Months after an extremist attack killed four U.S. soldiers, the American military began arming drones in Niger in the latest example of how the use of lethal unmanned aircraft continues to extend across Africa and the Middle East.
In a statement to The Associated Press, military officials confirmed theyâ€™ve had armed-drone capability in the West African nation since early this year.
â€śIn coordination with the government of Niger, U.S. Africa Command has armed intelligence, surveillance, and reconnaissance (ISR) aircraft already in Niger to improve our combined ability to respond to threats and other security issues in the region. Armed ISR aircraft began flying in early 2018,â€ť said Samantha Reho, spokesperson for U.S. Africa Command.
The drones are stationed at Nigerâ€™s Air Base 101 in Niamey, though military officials would not confirm whether theyâ€™ve used the unmanned craft to conduct actual strikes. The drones have enough to range to operate not just in Niger, officials said, and are capable of reaching other West and North African countries.
U.S. drones are expected to ultimately be moved to a massive new air base in central Niger thatâ€™s currently under construction.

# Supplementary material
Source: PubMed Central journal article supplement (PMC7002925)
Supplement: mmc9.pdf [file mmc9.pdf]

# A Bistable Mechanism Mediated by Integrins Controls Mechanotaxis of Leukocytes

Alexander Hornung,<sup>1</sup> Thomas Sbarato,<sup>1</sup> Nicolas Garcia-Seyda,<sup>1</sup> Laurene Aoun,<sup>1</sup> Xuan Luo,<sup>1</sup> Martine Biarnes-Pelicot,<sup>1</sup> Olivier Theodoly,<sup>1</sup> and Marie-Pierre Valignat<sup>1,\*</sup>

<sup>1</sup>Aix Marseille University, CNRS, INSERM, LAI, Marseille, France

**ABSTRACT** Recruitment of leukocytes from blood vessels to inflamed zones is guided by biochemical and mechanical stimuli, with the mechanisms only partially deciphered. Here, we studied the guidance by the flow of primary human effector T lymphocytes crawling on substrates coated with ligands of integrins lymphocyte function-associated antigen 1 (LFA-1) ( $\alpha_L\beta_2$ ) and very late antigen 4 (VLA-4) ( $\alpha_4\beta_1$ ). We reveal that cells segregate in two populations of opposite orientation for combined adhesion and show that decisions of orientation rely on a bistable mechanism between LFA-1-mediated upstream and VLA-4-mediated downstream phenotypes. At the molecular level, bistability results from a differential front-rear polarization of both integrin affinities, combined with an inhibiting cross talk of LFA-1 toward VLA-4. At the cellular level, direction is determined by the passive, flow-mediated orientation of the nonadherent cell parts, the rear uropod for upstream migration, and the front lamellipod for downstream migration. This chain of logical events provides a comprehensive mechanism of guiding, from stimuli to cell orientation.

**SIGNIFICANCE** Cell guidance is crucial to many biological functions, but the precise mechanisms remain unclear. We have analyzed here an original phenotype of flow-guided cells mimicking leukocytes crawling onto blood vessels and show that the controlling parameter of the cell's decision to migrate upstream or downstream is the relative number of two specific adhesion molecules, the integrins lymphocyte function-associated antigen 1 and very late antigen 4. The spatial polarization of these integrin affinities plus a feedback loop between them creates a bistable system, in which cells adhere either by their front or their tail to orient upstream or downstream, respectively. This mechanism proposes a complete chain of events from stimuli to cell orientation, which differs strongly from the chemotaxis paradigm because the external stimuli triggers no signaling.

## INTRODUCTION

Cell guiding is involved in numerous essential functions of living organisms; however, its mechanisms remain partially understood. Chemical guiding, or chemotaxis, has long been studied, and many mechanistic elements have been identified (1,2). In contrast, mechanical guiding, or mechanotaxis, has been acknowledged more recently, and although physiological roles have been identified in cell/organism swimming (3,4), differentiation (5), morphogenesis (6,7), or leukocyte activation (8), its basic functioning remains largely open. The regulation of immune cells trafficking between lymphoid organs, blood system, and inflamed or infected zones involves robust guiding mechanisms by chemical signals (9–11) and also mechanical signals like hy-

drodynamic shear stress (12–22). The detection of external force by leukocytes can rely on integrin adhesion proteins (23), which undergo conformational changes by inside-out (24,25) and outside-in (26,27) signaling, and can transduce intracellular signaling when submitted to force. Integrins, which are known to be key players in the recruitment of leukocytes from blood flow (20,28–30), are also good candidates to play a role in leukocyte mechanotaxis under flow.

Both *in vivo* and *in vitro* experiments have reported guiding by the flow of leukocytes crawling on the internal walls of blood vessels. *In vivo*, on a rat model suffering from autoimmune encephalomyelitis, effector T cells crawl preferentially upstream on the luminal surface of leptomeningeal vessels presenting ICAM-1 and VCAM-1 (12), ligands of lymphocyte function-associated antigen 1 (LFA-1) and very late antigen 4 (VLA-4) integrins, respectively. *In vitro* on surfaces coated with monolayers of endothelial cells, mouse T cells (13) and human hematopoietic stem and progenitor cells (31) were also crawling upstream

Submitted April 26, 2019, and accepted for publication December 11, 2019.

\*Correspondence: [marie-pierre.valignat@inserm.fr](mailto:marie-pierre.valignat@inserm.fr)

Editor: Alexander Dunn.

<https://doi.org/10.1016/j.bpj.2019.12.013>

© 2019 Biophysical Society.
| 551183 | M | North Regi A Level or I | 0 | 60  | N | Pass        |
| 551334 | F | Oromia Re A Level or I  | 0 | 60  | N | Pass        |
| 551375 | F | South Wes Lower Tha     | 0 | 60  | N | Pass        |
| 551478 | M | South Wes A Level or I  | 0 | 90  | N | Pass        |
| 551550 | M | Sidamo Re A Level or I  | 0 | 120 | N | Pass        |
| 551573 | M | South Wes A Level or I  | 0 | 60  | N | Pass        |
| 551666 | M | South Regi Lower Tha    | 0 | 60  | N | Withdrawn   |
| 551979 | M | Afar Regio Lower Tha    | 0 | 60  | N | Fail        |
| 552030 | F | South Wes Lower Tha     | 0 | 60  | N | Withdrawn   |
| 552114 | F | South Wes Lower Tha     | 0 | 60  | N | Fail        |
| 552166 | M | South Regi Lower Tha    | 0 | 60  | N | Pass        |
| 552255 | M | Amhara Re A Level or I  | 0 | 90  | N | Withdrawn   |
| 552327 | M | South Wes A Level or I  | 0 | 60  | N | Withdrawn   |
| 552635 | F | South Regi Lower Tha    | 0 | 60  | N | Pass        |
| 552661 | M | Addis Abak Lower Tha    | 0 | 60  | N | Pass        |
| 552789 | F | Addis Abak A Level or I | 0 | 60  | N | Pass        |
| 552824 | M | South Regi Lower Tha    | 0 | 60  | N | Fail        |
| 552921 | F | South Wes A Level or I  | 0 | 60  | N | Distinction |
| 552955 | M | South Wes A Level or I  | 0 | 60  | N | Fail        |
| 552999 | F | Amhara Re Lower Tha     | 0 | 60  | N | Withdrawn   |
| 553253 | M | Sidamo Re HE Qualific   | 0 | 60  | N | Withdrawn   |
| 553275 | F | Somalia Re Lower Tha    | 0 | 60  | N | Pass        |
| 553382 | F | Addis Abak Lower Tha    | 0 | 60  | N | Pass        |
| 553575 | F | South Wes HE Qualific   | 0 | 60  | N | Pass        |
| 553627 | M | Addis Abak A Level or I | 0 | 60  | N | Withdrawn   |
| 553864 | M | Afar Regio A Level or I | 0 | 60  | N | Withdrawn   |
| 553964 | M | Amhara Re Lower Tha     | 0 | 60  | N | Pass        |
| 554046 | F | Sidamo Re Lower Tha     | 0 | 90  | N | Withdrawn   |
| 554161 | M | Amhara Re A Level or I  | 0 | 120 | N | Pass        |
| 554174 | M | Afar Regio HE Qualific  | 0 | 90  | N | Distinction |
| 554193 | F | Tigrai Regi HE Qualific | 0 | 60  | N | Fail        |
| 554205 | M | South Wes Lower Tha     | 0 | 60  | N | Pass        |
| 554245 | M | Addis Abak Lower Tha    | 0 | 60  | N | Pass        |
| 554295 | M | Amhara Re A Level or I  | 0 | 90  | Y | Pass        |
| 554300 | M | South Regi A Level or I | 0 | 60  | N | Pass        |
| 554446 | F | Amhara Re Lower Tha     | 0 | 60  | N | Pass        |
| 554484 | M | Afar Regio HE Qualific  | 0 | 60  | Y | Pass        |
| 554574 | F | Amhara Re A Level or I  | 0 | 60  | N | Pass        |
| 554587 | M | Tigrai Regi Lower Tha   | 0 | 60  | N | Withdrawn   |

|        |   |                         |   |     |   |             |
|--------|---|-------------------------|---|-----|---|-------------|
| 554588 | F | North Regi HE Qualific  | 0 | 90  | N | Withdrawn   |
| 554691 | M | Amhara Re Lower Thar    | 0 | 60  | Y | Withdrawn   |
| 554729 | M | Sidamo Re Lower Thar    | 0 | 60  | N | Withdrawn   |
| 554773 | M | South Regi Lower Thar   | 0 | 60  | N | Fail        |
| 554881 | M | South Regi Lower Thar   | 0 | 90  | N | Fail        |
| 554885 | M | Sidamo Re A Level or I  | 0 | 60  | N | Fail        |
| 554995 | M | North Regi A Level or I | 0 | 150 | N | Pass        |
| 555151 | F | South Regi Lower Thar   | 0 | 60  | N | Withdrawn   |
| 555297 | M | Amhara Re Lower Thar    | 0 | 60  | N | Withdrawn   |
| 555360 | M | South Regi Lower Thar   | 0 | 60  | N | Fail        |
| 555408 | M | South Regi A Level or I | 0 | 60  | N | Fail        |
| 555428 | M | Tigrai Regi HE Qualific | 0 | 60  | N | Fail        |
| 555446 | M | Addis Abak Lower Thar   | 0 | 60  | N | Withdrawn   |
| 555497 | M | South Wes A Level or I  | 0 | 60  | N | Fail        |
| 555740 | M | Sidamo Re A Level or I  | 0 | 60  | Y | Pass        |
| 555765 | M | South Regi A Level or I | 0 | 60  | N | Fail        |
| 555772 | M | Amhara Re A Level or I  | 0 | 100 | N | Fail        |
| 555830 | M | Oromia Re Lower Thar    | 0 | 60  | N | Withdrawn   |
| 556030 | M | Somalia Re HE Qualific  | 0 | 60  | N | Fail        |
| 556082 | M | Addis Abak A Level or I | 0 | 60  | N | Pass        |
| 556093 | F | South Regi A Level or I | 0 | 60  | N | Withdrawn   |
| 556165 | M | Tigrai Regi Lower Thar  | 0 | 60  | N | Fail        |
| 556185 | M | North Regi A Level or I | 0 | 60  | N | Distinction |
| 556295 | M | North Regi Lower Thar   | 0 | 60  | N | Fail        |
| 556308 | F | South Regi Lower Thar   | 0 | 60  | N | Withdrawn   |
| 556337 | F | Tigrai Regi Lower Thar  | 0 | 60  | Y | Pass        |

The presence of armed drones in Niger â€” coupled with the presumption that theyâ€™ve already been used or eventually will be used for military strikes â€” marks the latest expansion of U.S. use of the craft around the world. Citing authority under the 2001 and 2002 military use authorizations passed by Congress, the Bush, Obama and now Trump administrations have used drone strikes extensively outside the formal combat areas of Iraq and Afghanistan.
Drone strikes have become commonplace in Pakistan, Yemen, Somalia and elsewhere across the region.
The decision to arm U.S. drones in Niger came after an October 2017 attack by extremists linked to the Islamic State killed four U.S. soldiers and wounded two others.
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